The higher the sample rate number, the more times the audio has been ‘sampled’. This determines audio quality and also file size.

If you think of your audio file as a photograph, the sample rate is essentially just like the amount of pixels that make up an image. The sample rate of 44100Hz is standard for music and CDs, and is the ideal rate to record all your podcast audio at. If you want to learn a bit more about sample rates, check out What Does 44100 Mean?

Stereo Audio (recording/production)

A mono track appears as one single waveform in your DAW, whilst a stereo track appears as two – one above the other, the top one being the left side, and the bottom one being the right side).

Stereo tracks can offer different sounds from the right to the left hand side, which give a stereo effect when listening through headphones or speakers. A mono track will play exactly the same audio on either side.

It’s good practice to record spoken word content in mono. The only real case for creating a podcast in stereo is if your show has a lot of music, or is a highly produced documentary or audio drama.

Stereo WAV files are virtually twice the size of mono WAV files, but this difference is eliminated if you convert down to MP3 format.

Submitting a Podcast (podcast distribution)

The process of entering your RSS feed and show details into a podcast directory, (like iTunes) so it can be listed/listened/subscribed to there.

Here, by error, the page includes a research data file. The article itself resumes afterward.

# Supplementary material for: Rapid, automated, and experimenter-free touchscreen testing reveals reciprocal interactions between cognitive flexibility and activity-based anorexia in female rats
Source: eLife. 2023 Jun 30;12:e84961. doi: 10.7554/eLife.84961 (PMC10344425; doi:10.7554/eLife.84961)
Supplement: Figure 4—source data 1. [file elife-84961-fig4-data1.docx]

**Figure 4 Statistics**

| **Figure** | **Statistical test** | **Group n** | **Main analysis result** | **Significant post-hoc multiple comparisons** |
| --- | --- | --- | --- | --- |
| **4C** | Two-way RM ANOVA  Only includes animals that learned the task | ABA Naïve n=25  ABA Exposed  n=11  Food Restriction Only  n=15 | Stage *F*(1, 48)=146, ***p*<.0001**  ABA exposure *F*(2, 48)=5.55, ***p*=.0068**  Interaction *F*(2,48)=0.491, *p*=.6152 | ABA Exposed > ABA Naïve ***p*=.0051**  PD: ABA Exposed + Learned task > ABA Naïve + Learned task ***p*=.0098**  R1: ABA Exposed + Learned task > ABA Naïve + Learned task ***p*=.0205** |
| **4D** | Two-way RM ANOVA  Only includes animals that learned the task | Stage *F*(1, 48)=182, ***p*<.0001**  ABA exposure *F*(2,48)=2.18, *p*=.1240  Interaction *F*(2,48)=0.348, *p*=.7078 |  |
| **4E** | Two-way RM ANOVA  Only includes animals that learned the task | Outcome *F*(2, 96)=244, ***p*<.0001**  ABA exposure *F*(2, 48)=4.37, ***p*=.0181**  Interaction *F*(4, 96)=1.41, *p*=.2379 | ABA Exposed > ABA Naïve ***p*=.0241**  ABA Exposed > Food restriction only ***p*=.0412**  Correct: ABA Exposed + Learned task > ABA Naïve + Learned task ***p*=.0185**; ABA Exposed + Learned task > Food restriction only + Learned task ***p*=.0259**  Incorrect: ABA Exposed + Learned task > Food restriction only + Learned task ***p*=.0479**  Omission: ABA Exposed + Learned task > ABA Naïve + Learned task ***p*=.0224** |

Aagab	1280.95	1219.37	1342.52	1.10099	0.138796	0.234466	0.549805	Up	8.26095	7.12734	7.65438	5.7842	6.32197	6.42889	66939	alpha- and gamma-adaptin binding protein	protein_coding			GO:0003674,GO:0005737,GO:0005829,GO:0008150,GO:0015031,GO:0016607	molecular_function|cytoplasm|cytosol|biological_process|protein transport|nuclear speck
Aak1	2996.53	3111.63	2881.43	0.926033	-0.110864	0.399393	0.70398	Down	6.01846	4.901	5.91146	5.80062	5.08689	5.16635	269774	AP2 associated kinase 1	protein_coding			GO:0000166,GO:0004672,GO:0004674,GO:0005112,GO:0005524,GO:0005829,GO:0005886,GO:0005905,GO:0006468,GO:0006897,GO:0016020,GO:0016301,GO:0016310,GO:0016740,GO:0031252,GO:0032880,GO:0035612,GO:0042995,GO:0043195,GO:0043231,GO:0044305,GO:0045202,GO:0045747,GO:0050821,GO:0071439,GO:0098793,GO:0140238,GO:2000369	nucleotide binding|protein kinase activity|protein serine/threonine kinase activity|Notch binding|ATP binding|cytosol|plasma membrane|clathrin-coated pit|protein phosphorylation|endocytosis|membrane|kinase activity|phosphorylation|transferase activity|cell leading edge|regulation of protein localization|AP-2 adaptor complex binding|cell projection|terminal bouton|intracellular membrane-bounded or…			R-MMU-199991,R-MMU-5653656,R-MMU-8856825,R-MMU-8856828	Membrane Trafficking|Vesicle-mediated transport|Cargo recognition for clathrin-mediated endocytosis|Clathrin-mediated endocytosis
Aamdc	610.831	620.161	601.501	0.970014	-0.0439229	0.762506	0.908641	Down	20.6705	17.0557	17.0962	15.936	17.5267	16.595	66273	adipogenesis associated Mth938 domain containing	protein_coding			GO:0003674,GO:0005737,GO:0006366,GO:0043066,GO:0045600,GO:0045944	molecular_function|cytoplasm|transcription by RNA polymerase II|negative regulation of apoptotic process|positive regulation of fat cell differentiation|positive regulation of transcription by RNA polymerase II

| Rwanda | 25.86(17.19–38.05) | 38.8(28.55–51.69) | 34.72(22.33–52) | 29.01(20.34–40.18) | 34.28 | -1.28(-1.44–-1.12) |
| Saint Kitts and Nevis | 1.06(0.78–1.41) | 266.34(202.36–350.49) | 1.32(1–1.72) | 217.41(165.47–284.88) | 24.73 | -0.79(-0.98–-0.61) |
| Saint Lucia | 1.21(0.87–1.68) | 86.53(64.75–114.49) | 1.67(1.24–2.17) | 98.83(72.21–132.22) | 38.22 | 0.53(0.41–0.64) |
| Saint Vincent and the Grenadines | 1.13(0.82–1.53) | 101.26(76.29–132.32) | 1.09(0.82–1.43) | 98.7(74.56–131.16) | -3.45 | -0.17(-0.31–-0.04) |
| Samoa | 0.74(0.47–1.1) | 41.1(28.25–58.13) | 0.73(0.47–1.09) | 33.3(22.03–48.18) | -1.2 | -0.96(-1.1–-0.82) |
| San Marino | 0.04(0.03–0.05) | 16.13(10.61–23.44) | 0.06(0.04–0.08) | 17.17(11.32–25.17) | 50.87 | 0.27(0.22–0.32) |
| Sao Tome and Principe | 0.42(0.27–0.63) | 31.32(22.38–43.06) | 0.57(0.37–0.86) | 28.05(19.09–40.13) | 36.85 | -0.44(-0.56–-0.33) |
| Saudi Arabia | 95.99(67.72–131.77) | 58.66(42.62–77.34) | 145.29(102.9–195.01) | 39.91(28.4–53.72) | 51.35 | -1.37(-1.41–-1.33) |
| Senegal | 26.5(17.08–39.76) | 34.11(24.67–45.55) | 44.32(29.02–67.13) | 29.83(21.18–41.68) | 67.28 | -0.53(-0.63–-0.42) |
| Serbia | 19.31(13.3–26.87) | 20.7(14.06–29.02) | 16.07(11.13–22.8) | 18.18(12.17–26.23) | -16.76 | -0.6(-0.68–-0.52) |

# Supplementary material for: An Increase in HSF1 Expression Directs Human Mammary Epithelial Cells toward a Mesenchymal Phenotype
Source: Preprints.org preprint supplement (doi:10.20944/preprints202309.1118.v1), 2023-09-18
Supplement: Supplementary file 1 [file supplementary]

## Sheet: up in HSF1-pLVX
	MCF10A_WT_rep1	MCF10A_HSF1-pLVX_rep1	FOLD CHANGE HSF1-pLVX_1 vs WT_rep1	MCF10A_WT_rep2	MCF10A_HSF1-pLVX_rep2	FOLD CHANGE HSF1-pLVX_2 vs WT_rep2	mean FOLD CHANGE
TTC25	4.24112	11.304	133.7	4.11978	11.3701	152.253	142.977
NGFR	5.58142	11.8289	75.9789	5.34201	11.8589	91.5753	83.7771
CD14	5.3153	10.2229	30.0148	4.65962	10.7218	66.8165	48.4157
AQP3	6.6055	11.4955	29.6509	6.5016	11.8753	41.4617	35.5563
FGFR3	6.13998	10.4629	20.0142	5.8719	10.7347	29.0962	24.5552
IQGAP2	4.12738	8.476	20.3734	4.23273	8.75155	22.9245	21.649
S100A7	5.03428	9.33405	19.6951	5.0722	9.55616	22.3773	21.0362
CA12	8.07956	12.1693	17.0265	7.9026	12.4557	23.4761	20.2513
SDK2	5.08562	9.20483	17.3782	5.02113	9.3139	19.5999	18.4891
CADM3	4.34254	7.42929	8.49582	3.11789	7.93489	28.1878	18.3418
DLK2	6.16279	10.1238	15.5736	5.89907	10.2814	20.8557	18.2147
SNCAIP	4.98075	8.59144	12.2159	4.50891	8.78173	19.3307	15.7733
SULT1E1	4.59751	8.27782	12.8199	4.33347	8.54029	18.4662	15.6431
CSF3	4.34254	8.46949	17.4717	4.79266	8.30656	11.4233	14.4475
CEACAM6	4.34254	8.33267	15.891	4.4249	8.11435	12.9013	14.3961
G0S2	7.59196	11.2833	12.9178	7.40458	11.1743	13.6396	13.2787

Uploading a Podcast (podcast distribution)

Once you’ve put together your episode as an MP3 file, you can then upload it to your media host, in order for it to be downloaded by your listeners.

USB Microphone (equipment)

A microphone that is connected to your computer via a USB cable. Have a look at our Podcast Equipment Directory for the list of USB mics we’ve reviewed.

Waveform (recording/production)

A waveform is the visual representation of your audio when displayed in a digital form on your computer.

WAV File (audio files)

A WAV is a high quality audio file that captures sound exactly as it is recorded. Though you should work in WAV form with your source material, you will convert your finished episodes to MP3 format for size and bandwidth purposes.

If you think of a WAV as an original painting, the MP3 is like a print of that painting. Some quality has been lost in the conversion, but to 99% of people it isn’t noticeable.

XLR Microphone (equipment)

A microphone that is connected to a mixer, preamp, or recorder via an XLR (microphone) cable.

Have a look at our Podcast Equipment Directory for the list of XLR mics we’ve reviewed.

Have We Missed Anything?

We’ll continue to build this glossary out over time, so if there’s any terms or phrases in podcasting you’re still not sure of just let us know in the comments section, or by e-mailing [email protected]

In the meantime, you might want to check out or guide on How to Start a Podcast now that you’re hopefully feeling a bit more confident about all this stuff.